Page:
CapEx vs. OpEx: An Overview
Capital expenditures (CapEx) are major purchases a company makes that are designed to be used over the long term. Operating expenses (OpEx) are the day-to-day expenses a company incurs to keep its business operational.
- Capital expenditures (CapEx) are a company’s major, long-term expenses, while operating expenses (OpEx) are a company’s day-to-day expenses.
- Examples of CapEx include physical assets, such as buildings, equipment, machinery, and vehicles.
- Examples of OpEx include employee salaries, rent, utilities, property taxes, and cost of goods sold (COGS).
- Items covered by OpEx often have a useful life of one year or less, while CapEx tends to pay for a benefit to the company for longer than one year.
- Capital expenditures cannot be deducted from income for tax purposes, but operating expenses can be.
Understanding CapEx vs. OpEx
Businesses have a variety of expenses, from the rent they pay for their factories or offices to the cost of raw materials for their products, from the wages they pay their workers to the overall costs of growing their business. To simplify all of these costs, businesses organize them under different categories. Two of the most common are capital expenditures (CapEx) and operating expenses (OpEx).
The difference between these two expenditures lies primarily in the accounting treatment of each. For business in the United States, generally accepted accounting principles (GAAP) often dictate how an expenditure is treated on a company’s financial statements. Therefore, a company must understand the long-term financial implications of how its reporting will be affected and how external parties may view their company’s health as a result.
There is a inherent difference in the way management may approach these two expenditures as well. CapEx is often more expensive and labor-intensive and often requires greater patience to reap rewards. OpEx is often cheaper and more flexible to incur. For many reasons, it is important to understand each type of expenditure and how a company may strategically approach either.
Capital Expenditures (CapEx)
Capital expenditures (CapEx) are purchases of significant goods or services that will be used to improve a company’s performance in the future. They include the cost of fixed assets and the acquisition of intangible assets such as patents and other forms of technology. Capital expenditures are typically for fixed assets like property, plant, and equipment (PP&E). For example, if an oil company buys a new drilling rig, the transaction would be a capital expenditure.
One of the defining features of capital expenditures is longevity, meaning that the purchases benefit the company for longer than one tax year.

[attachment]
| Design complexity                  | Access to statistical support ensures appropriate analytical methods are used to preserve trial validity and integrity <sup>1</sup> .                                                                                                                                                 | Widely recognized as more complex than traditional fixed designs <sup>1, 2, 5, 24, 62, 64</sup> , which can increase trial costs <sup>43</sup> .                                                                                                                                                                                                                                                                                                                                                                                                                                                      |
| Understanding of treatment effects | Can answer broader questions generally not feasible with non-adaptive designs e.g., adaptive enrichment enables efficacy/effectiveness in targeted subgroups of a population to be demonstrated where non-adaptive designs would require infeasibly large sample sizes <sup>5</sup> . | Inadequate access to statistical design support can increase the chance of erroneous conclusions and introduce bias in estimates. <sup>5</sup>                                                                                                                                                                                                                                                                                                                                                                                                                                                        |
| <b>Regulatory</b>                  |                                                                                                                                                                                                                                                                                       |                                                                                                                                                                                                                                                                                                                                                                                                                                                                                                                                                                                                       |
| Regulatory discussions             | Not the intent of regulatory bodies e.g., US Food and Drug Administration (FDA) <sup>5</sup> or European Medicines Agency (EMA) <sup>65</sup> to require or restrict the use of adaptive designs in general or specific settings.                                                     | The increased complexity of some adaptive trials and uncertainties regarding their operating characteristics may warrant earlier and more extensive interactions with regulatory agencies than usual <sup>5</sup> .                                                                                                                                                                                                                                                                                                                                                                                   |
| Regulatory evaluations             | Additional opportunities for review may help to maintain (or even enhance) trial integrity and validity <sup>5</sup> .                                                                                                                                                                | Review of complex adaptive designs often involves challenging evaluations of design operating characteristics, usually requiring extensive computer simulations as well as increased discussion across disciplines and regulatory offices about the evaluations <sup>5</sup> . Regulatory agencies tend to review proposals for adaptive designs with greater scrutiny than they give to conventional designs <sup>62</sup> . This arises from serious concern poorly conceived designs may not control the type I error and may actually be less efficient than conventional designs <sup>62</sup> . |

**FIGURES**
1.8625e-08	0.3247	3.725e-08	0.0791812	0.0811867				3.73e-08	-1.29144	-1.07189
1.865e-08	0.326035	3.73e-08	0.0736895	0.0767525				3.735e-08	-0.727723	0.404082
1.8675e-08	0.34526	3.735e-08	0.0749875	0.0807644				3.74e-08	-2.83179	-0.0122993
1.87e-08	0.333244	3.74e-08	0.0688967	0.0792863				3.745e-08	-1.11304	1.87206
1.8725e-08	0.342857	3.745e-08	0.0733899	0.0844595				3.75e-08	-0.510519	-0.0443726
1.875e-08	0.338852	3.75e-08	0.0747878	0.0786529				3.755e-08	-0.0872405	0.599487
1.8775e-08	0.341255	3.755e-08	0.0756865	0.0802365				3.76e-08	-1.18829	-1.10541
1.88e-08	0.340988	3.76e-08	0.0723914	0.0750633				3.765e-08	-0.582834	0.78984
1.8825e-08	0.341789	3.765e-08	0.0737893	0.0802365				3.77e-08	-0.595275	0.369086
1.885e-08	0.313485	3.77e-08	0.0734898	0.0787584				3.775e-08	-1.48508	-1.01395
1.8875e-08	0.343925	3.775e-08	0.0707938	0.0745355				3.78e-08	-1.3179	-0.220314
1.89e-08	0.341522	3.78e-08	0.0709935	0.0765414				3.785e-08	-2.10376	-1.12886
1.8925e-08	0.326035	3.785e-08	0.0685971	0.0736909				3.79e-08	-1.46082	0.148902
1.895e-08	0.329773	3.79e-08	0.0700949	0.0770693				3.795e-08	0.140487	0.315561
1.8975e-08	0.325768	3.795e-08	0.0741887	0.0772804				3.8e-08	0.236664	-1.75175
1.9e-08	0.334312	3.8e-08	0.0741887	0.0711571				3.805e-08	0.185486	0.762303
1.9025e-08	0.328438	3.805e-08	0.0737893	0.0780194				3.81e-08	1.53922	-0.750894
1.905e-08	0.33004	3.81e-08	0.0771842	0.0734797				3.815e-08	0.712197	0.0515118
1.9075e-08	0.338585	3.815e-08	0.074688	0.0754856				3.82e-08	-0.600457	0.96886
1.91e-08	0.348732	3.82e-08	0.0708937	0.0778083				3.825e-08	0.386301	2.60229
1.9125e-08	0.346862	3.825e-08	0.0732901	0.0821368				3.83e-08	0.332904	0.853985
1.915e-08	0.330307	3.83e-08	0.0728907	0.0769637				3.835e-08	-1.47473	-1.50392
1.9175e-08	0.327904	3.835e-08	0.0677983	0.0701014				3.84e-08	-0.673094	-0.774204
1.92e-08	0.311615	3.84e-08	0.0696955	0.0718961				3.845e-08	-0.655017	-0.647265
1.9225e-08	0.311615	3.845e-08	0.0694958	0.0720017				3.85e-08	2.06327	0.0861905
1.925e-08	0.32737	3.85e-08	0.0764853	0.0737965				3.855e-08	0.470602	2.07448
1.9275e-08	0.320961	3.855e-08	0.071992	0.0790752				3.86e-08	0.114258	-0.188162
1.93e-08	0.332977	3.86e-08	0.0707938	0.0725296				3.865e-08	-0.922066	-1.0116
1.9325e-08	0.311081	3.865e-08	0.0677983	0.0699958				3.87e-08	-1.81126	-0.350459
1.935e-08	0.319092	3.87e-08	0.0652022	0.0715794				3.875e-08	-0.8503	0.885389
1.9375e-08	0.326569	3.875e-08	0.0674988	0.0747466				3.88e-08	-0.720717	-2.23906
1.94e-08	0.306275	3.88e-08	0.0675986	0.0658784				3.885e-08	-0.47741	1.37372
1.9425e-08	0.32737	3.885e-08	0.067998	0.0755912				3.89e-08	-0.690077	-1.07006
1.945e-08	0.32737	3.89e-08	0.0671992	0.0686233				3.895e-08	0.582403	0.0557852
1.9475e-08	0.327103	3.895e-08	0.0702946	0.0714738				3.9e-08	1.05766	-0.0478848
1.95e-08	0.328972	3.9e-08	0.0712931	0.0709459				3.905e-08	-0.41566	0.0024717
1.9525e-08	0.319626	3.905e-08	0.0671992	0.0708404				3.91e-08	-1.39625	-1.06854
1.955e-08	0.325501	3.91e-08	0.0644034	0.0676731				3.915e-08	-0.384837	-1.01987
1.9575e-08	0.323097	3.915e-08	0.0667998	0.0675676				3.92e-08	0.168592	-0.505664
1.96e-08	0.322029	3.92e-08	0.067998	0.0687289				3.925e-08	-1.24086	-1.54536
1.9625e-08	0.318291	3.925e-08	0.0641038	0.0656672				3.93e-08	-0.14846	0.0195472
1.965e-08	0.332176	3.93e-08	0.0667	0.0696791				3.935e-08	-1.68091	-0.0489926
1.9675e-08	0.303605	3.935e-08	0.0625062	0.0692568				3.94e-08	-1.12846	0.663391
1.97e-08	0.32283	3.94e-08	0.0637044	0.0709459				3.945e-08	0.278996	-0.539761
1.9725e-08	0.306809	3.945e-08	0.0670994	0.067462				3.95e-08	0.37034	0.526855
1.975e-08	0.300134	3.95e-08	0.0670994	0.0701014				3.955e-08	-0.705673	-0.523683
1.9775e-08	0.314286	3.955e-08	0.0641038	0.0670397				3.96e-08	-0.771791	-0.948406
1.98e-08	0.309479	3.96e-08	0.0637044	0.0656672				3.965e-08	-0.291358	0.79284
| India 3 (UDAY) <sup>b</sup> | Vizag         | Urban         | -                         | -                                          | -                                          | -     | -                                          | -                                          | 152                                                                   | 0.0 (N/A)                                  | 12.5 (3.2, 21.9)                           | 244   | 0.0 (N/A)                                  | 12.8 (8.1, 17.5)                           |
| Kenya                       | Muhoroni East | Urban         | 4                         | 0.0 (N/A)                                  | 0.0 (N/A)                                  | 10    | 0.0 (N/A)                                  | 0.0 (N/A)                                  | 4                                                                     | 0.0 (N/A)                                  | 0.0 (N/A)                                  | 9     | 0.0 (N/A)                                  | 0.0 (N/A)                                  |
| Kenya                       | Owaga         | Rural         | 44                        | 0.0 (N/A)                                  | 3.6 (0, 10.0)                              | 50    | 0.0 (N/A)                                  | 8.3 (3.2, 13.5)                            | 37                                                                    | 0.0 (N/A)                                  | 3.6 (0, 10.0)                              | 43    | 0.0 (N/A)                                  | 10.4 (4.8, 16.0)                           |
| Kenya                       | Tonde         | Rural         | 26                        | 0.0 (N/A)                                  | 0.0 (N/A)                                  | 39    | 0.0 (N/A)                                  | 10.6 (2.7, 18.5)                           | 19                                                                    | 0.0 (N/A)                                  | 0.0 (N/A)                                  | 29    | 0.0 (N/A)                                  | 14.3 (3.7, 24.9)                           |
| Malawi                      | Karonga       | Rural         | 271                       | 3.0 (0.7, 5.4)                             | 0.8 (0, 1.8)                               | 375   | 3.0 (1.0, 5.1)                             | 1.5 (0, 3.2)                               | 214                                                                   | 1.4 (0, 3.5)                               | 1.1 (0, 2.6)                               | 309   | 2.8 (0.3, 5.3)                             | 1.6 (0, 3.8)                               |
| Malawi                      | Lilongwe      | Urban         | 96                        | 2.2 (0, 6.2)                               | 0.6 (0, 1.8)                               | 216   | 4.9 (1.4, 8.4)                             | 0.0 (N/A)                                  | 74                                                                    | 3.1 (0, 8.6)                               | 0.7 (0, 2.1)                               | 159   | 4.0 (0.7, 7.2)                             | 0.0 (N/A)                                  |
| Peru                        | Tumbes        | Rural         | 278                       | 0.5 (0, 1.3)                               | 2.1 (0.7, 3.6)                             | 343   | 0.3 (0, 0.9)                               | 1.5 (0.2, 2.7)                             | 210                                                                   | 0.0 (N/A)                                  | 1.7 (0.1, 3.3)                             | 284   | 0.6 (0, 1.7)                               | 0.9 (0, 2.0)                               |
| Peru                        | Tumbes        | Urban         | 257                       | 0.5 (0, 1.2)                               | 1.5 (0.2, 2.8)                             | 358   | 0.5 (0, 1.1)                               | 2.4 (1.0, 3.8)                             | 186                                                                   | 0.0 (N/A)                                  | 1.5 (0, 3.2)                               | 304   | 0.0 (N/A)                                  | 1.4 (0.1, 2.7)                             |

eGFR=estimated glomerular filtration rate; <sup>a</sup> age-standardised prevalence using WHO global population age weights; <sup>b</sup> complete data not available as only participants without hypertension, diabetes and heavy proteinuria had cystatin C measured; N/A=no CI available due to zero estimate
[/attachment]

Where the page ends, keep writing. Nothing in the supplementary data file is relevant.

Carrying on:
CapEx represents the company’s spending on physical assets. The following are common examples of capital expenditures:
- Manufacturing plants, equipment, and machinery
- Building improvements
- Vehicles and trucks
Each industry might have different types of capital expenditures. The purchased item might be for the expansion of the business, updating older equipment, or expanding the useful life of an existing fixed asset. Capital expenditures are listed on the balance sheet under the property, plant, and equipment section. CapEx is also listed in the investing activities section of the cash flow statement.
Fixed assets are depreciated over time to spread out the cost of the asset over its useful life. Depreciation is helpful for capital expenditures because it allows the company to avoid a significant hit to its bottom line in the year when the asset was purchased.
CapEx can be externally financed, which is usually done through collateral or debt financing. Companies issue bonds, take out loans, or use other debt instruments to increase their capital investment. Shareholders who receive dividend payments pay close attention to CapEx numbers, looking for a company that pays out income while continuing to improve prospects for future profit.
Operating Expenses (OpEx)
Operating expenses are the costs that a company incurs for running its day-to-day operations. These expenses must be ordinary and customary costs for the industry in which the company operates. Companies report OpEx on their income statements and can deduct OpEx from their taxes for the year when the expenses were incurred.
The following are common examples of operating expenses:
- Rent and utilities
- Wages and salaries
- Accounting and legal fees
- Overhead costs such as selling, general, and administrative expenses (SG&A)
- Property taxes
- Business travel
- Interest paid on debt
OpEx also consists of research and development (R&D) expenses and the cost of goods sold (COGS). Operating expenses are incurred through normal business operations. The goal of any company is to maximize output relative to OpEx. In this way, OpEx represents a core measurement of a company’s efficiency over time.
Accounting rules may dictate whether an item is classified as CapEx or OpEx. For example, if a company chooses to lease a piece of equipment instead of purchasing it as a capital expenditure, the lease cost would likely be classified as an operating expense. If a company purchased the equipment instead, it would likely capitalize it.